Performed in a specially made box inspired by the darkened booths of Victorian peep shows, Peep presents one of three short plays about sex and eroticism, depending on the time of day you come to take a peek. The piece I watch through the two-way mirror of my private compartment is ‘Meat’ by Pamela Carter, in which a couple discuss the discovery of pornography in the man’s browsing history.
It’s an ingenious device, inverting the expectation of erotic content initially created by the pornographic howling and panting in our headphones. Instead our voyeurisms must be targeted at something genuinely intimate and embarrassingly private, as the characters are forced to reflect on their attitude towards relationship, gender and sexuality in proximity to the hall-of-mirrors exaggerations that pornography creates. The precise, forensic detail of the dialogue is matched by a white-walled, sterile, comfortable living space that could be any modern apartment.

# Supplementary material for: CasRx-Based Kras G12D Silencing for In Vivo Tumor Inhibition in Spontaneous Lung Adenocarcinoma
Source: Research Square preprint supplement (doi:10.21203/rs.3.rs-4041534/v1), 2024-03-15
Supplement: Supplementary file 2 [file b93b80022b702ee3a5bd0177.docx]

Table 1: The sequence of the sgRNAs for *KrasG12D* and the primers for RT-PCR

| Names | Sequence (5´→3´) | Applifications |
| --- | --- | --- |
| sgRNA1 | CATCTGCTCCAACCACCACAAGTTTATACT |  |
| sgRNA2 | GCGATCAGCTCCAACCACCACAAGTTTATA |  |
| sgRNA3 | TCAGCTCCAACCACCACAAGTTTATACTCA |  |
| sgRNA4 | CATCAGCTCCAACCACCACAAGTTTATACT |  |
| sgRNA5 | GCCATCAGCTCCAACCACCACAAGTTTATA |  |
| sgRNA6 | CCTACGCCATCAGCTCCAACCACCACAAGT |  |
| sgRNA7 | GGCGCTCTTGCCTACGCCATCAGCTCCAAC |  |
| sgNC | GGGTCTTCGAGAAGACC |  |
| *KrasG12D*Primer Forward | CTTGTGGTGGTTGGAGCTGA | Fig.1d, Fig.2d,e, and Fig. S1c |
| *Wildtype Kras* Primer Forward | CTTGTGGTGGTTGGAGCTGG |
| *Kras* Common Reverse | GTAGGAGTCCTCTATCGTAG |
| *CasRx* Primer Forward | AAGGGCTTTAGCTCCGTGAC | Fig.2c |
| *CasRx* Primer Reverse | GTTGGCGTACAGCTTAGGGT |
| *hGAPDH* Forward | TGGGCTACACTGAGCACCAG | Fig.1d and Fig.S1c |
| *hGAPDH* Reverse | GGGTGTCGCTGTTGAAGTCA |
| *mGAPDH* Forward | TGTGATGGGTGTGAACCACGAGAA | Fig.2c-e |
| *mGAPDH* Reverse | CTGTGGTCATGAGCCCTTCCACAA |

There are several passages of blistering brilliance in Carter’s script, not least the anatomical, blazoned description of an individual porno whose imperfect innocence is mirrored by its aesthetic tone: ‘the light’s bright, really bright, she’s floating in it. Except there’s a sofa.’ Possession of the conversation switching sides like a tennis match. The man’s pornographic tastes are depicted as abnormal in comparison to the reality of the female body whilst the woman’s shyness and naivety about the topic are seen as equally unusual, creating a fragile balance that questions rather than declares.
Not all of the script’s observations live up to this and much of the early dialogue isn’t exactly revelatory: for example that men enjoy pornography whilst blinding themselves to many of its wider implications. And Carter can’t quite find the transcendental heights that writers like David Foster Wallace reach with the same subject matter. But there is a quiet brilliance to this smart and understated project that refuses to leave any topic in the dark.